Classics

Not a past participle...

Study of the classical world gives you an invigorating insight into the world today. The appeal of Classics is in the variety of disciplines it involves: linguistic explorations of Latin and Greek, History, Geography, Art and Social Studies.

We do all kinds of activities in lessons: detailed, technical language work; brain-stretching translations; open discussions; research, drama and literature... Outside lessons we’re active too, providing our students with a sociable as well as intellectually enriching experience.

Brentwood’s Classics department is one of the largest and youngest in the country. We teachers all love teaching our subject – we have a genuine enthusiasm for what we do and this clearly comes across in lessons. Our broad range of staff interests means that we have a depth of expertise in different areas of the curriculum; we can inspire students to study deeply, while still covering the syllabus in its entirety.

There is a real sense of community, both among the teaching staff and the ‘Classics family’ students. The students themselves seem to adopt us as a home within the School – they come on our trips, chat to us around school and move into our teaching rooms during their free time. Our office door is always open and there’s nearly always a student there, asking a question.

Classicists are everywhere – they do all kinds of jobs. What distinguishes them from everything else? They’re never boring.
 

Greece Trip

 

Despite arriving in Courage Hall car park at 2:00am on Sunday 19th October with rain pouring down, the sense of excitement for the impending trip was clearly noticeable. Having donned matching hoodies, a group of 40 3rd, 4th, 5th and 6th form Classics students embarked on a trip to Greece during the first week of October half term.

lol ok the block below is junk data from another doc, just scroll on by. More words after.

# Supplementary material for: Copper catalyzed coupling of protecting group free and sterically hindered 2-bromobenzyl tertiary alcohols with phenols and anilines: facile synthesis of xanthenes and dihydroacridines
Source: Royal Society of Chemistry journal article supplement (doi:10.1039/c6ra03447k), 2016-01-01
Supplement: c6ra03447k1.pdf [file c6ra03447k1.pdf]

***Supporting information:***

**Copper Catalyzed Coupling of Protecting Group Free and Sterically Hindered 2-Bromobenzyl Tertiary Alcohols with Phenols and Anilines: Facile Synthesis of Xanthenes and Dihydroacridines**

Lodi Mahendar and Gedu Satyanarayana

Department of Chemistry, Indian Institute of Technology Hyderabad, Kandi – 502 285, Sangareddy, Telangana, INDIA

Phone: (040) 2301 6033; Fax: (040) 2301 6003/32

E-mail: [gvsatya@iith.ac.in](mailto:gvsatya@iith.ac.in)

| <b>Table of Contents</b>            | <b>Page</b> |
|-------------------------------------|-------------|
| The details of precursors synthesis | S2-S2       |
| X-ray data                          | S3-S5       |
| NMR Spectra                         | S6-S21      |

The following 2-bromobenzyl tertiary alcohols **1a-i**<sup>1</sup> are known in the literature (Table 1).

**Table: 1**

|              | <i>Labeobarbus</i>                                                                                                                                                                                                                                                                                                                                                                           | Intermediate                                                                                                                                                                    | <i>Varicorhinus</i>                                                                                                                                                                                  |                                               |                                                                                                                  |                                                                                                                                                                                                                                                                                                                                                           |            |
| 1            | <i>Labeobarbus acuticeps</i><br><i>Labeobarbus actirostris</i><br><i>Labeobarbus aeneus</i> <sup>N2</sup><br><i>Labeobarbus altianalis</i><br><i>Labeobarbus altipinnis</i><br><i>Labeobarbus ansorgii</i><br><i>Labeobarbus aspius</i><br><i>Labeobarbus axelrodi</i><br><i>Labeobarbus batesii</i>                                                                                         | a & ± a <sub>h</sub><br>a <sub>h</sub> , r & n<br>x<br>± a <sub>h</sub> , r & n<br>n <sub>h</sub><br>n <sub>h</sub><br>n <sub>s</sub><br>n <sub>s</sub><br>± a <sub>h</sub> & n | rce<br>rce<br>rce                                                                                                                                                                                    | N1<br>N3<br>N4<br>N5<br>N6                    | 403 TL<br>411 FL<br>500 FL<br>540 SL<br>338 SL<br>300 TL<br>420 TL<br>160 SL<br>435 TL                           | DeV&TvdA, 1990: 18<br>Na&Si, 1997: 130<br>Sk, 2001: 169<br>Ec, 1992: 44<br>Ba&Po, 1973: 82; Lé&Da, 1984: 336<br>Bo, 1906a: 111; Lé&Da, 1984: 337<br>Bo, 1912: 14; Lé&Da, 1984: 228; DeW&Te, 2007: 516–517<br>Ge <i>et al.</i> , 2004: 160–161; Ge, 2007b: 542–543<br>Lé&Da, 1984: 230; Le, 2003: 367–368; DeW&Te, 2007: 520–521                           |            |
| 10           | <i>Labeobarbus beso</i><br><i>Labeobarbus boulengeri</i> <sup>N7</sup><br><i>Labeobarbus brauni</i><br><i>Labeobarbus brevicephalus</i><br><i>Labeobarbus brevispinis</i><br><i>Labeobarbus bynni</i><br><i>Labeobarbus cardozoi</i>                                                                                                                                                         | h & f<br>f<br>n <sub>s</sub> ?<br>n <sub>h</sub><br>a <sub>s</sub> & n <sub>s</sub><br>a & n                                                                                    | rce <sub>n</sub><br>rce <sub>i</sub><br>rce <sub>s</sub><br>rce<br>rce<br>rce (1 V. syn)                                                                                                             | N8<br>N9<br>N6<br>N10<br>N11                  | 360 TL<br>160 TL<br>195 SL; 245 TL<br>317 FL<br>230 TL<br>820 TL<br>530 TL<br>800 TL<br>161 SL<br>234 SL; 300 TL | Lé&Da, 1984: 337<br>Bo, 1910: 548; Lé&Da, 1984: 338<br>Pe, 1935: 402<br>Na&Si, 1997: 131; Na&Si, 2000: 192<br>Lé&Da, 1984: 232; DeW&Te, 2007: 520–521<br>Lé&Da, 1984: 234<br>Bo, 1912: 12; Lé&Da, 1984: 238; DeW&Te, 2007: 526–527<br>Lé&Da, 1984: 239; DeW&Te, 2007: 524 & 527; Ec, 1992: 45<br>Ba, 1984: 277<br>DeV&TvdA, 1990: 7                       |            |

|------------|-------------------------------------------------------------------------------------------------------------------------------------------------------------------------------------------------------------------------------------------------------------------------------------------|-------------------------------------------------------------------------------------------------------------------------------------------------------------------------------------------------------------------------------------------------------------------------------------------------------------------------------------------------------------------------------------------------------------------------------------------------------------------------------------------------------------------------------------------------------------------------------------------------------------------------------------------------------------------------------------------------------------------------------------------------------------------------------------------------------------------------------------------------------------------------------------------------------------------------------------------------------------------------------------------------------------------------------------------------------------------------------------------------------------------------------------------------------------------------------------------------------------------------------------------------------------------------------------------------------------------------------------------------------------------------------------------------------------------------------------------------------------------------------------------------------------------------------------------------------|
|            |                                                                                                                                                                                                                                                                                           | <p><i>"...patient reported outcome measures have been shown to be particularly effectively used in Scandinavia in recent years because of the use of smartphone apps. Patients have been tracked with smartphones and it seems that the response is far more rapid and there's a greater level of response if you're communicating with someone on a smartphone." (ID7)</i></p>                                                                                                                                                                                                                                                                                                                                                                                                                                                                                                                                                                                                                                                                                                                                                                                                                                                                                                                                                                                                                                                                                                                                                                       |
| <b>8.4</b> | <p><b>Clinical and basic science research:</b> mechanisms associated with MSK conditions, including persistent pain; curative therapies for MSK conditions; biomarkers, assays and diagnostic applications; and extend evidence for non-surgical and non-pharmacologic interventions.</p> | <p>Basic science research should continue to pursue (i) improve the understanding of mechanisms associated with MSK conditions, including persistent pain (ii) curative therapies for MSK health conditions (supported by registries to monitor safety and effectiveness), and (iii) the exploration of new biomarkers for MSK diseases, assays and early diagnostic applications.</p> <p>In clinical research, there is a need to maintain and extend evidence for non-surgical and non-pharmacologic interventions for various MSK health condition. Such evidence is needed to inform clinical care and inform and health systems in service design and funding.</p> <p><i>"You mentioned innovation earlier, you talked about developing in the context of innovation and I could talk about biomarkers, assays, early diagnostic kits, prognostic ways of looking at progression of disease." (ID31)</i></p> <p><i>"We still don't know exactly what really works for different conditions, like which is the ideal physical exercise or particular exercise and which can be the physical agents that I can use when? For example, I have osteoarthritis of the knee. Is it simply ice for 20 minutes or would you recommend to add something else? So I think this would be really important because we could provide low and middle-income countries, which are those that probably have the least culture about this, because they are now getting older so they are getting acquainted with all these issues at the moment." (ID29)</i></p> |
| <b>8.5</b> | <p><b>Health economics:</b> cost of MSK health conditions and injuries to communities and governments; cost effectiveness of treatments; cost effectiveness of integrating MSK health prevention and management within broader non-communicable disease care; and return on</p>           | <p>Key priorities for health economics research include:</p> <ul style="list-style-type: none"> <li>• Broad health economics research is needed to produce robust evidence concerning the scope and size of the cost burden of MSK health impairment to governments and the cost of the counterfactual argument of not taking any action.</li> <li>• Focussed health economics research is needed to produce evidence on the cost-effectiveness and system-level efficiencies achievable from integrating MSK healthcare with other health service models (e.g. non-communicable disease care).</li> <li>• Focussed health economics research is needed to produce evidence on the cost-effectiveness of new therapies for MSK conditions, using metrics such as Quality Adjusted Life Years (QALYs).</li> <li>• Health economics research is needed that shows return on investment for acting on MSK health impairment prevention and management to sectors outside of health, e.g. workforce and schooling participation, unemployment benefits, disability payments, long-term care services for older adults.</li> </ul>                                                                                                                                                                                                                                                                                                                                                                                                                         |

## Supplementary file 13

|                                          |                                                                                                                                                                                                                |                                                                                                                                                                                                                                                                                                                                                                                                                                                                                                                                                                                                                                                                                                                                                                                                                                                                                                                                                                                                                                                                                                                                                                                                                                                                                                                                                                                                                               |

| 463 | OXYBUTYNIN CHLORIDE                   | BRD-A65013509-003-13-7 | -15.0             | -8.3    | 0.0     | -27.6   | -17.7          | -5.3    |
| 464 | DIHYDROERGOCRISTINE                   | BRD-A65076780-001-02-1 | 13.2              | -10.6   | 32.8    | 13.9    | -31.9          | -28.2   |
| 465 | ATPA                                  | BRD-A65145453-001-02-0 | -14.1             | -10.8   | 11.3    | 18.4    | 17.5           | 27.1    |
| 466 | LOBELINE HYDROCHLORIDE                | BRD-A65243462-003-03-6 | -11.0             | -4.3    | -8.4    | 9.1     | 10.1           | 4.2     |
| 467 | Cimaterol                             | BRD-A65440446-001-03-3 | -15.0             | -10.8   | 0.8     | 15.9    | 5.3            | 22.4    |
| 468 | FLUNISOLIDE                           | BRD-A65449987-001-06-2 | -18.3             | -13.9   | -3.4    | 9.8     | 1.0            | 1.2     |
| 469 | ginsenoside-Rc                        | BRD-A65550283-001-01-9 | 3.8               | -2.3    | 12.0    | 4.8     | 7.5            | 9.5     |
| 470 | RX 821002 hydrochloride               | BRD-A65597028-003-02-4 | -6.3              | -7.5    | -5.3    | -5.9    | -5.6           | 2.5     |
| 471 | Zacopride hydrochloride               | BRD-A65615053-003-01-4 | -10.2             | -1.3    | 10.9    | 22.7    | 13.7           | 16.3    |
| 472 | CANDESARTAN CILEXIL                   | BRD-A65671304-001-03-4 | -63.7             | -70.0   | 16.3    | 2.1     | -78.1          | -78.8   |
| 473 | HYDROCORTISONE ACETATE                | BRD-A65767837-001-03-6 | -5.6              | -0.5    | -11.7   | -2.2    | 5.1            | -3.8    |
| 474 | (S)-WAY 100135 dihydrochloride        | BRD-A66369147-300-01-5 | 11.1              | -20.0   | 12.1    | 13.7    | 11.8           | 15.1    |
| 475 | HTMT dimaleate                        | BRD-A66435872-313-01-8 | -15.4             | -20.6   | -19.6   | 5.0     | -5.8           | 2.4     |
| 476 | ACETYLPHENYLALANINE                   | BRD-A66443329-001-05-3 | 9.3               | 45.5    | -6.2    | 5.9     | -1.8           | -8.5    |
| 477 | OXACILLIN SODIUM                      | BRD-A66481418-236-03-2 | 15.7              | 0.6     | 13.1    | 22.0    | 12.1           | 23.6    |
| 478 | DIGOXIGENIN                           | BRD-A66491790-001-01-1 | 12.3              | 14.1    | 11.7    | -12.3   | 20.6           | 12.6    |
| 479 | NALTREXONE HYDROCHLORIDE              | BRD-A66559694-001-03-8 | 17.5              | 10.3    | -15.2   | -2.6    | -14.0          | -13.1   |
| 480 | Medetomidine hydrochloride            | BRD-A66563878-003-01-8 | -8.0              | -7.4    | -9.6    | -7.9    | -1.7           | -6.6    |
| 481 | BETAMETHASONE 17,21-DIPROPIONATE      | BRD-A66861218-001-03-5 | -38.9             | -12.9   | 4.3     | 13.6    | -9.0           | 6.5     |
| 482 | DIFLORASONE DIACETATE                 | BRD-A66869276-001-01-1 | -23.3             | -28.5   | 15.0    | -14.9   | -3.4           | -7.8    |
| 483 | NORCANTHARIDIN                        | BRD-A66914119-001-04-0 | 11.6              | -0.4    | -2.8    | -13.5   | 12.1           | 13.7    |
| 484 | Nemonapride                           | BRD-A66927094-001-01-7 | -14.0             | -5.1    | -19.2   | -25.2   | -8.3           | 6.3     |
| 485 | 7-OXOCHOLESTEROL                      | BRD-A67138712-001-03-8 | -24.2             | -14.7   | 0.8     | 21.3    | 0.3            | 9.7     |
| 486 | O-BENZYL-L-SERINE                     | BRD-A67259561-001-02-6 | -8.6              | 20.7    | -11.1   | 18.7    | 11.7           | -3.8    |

Day one of the trip involved the outward journey to Athens from Heathrow airport. The first afternoon was spent in the spectacular Acropolis museum, setting the scene for the next day when we would climb the Acropolis itself. Perhaps the most memorable point of the museum was the transparent floors, enabling us to see just how steeped in history Athens is. Even the train stations in Athens boasted an impressive collection of ancient pottery, although evidently not quite important enough to be housed in the museum. The Parthenon frieze in the museum was the main attraction giving us a sense of the grandeur and scale of the Parthenon before we visited it. Our first meal of the trip involved archetypal Greek yoghurt and honey as dessert, which soon became a favourite among the students.

The next day started with an early morning walk up the Acropolis to see the Parthenon and Erectheum. The views from the top of the Acropolis over Athens were incredible, making it a fitting site for such magnificent structures. In the afternoon we visited the Kerameikos, the cemetery of ancient Athens, giving us an insight into the rituals and beliefs connected with death in ancient times. Like many things in Ancient Athens, the gravestones were intricately carved. In the evening, we went to the roof top of the hotel in order to see the Acropolis lit up at night- one of the few things which looks just as magnificent in the dark as it does in the light.